[00:33:49] Daniel: mess things up, then nobody dies, butthe food does fall on the floor and
[00:33:54] Daniel: you know, who wants
[00:33:55] Andrew: I'd rather have death. So we talked toColton about this just the other day, but the big one for me, I know this hasnothing to do with coding, but I'm sure there are kids nowadays who are goingto have the same experience 20 years down the road, be like, Hey, remember thatcoding game we played as a kid.
[00:34:10] Andrew: Wasn't that wild. How much of a goodcoder it made you? Now we can make millions of dollars. I don't know. That's.Gen Z sounds like sometimes or something or whatever the next generation afterthem is anyways. Uh, two towers, two towers. Uh, the mud is what took me frompretty decent typing and reading skills to.
[00:34:31] Andrew: To the point where I was accused ofcheating at the AR reading contest. Cause I was reading books too fast. Uh,they actually took away my, my first place prize because, uh, there was no wayI, as a child should have been able to read that many books, uh, which Ithought was a little unfair. Um, cause it was a testing and I passed all thetests, but yeah, it's, you know, I've, I've fallen off both on typing skillsand reading skills in terms of speed, but like I'm still at demoncomparatively.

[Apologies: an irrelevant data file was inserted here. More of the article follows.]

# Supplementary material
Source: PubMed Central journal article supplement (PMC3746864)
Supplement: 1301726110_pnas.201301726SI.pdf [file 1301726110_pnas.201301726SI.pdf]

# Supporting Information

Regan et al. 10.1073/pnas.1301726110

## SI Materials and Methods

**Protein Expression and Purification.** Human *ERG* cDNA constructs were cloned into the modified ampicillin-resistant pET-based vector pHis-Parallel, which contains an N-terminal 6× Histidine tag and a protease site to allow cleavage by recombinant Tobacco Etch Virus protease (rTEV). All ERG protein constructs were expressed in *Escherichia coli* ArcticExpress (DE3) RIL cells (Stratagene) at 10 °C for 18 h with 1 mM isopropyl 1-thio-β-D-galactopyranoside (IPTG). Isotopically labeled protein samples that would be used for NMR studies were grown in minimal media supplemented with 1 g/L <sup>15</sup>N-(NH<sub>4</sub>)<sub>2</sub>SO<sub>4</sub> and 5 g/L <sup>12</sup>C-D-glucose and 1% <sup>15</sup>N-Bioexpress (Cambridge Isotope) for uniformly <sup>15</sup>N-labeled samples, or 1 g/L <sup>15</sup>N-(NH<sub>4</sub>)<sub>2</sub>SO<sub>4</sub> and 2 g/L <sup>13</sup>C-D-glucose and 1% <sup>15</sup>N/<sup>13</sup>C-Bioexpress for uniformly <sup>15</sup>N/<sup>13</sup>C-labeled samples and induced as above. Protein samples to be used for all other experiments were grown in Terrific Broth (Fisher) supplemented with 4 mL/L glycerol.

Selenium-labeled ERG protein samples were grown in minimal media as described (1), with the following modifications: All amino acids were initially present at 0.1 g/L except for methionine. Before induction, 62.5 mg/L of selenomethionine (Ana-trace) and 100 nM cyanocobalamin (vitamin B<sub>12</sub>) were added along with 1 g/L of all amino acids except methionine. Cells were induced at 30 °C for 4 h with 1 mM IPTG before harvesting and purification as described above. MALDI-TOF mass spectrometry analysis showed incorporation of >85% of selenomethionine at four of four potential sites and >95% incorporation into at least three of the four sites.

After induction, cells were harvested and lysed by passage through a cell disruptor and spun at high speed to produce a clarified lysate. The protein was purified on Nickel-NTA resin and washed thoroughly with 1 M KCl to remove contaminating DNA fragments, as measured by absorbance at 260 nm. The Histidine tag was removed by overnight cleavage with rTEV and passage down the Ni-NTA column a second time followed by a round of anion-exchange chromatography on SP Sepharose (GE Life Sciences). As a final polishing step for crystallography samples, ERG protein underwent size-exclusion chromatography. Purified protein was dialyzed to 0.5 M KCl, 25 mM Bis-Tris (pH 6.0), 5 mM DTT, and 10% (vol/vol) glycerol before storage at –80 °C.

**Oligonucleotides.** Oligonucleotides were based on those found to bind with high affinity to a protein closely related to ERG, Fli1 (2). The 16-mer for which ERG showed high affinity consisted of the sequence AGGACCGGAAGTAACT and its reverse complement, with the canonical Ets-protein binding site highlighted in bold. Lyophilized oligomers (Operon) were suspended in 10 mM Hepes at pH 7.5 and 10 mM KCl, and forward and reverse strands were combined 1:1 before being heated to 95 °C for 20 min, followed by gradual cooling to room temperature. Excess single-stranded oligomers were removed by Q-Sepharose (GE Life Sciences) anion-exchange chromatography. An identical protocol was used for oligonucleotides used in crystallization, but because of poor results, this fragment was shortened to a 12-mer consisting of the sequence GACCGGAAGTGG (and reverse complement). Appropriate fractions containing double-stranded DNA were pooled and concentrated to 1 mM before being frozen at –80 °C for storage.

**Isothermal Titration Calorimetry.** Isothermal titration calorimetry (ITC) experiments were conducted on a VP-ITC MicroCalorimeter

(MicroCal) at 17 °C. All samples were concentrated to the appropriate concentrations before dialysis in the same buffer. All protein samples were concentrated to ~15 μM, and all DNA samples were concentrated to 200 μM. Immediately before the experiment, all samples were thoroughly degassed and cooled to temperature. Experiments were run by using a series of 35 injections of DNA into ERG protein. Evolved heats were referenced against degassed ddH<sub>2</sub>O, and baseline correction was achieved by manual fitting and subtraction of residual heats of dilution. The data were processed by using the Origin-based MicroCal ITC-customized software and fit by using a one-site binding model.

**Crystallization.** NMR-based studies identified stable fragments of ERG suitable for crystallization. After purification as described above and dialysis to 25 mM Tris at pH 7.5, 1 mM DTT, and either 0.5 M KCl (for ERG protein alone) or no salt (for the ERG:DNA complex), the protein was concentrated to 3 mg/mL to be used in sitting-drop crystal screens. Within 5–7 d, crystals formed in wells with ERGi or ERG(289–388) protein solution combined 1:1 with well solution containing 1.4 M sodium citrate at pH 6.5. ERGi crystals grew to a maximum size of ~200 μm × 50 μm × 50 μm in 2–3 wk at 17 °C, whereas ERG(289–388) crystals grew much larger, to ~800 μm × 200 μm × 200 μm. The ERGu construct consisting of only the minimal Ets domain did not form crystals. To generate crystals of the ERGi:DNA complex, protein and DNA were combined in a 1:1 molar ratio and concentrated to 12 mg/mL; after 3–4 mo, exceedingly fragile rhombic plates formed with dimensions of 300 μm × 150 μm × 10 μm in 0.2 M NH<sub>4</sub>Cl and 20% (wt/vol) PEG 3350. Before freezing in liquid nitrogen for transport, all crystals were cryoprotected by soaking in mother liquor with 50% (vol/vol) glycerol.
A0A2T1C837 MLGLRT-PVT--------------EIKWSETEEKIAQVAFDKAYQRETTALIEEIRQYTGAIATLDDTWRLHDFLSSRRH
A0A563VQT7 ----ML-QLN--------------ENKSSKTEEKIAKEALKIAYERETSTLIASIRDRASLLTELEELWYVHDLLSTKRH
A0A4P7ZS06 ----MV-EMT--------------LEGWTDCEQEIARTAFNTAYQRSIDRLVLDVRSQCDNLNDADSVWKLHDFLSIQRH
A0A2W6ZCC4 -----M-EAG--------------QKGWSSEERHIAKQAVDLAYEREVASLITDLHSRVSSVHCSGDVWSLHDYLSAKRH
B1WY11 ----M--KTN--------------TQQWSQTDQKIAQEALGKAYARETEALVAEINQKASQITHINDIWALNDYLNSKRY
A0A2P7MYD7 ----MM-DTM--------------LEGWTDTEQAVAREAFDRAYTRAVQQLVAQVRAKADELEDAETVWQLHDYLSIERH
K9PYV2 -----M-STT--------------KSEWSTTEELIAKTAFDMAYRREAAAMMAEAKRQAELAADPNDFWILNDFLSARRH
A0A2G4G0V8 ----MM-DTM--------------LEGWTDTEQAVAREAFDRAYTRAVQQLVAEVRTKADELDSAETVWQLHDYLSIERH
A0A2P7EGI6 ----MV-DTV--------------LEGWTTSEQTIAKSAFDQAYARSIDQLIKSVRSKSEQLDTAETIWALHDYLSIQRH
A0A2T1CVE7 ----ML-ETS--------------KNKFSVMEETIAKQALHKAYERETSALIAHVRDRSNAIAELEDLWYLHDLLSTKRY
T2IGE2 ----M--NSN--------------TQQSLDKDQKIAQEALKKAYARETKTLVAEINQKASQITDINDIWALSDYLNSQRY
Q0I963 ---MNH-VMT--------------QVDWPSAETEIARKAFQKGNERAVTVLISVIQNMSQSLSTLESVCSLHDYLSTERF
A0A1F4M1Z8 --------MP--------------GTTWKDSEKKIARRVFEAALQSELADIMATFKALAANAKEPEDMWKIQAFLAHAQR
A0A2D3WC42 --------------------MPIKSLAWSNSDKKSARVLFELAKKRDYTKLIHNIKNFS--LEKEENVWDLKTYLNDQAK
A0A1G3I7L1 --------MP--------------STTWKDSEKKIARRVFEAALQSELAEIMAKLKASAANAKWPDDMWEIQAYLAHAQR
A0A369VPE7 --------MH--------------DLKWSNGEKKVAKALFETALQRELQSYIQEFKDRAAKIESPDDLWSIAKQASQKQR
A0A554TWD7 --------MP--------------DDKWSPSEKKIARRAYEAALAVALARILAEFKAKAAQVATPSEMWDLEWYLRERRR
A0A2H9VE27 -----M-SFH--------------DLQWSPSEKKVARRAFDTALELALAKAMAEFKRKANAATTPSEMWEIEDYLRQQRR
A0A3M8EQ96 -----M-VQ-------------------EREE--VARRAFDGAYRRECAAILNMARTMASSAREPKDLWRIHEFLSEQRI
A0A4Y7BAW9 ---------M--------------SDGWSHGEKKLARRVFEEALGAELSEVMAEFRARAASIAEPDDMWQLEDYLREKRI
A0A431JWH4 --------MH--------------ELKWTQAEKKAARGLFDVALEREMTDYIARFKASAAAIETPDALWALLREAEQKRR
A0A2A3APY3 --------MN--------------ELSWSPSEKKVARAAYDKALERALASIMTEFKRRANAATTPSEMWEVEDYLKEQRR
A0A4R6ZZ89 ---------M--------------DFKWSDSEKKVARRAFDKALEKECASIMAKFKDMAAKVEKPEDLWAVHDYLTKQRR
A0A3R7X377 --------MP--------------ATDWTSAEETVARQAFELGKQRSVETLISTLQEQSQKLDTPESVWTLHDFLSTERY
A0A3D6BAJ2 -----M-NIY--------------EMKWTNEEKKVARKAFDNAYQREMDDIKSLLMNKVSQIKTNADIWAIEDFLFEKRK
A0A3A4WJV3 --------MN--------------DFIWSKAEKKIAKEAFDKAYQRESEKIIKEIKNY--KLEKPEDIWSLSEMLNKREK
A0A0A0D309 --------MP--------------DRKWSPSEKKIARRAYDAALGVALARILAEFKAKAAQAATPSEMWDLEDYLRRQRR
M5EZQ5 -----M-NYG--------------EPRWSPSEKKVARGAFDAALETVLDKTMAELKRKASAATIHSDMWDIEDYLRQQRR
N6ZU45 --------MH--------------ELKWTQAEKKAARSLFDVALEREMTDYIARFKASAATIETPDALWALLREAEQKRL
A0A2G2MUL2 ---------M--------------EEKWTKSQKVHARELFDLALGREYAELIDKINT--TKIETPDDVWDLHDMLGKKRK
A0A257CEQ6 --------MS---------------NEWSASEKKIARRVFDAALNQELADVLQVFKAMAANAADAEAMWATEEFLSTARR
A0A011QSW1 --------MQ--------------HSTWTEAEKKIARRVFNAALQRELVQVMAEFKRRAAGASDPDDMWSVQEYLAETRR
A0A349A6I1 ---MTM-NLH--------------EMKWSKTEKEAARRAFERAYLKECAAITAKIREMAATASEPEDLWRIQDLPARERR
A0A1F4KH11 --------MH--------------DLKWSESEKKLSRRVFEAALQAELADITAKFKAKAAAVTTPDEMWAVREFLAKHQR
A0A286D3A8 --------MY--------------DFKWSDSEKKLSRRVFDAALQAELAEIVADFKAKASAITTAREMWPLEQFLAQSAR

[00:35:03] Andrew: So that was two towers for me, whichwas just so much fun to play with you.
[00:35:07] Daniel: Yeah. We'll have to make that achallenge down the road, power level, uh, a ranger from zero to five in amonth. That's
[00:35:19] Andrew: Well,
[00:35:20] Daniel: out of 20 levels. If you didn'tremember that game
[00:35:23] Andrew: I don't think I ever, yeah, it'shardcore. I wonder how Colton's doing on it, huh. All right. I'm excited to seewhat Brett has to bring to us on this, uh, journey as well. I almost hope hedoesn't listen to this episode first and we just catch up with him on the, uh,The mid episode that we will have in about 15 or so days.
[00:35:46] Andrew: And let you guys know how this isgoing. Um, is there anything else you want to add, Daniel?
[00:35:53] Daniel: No, I'm, I'm looking forward to
[00:35:56] Andrew: Um,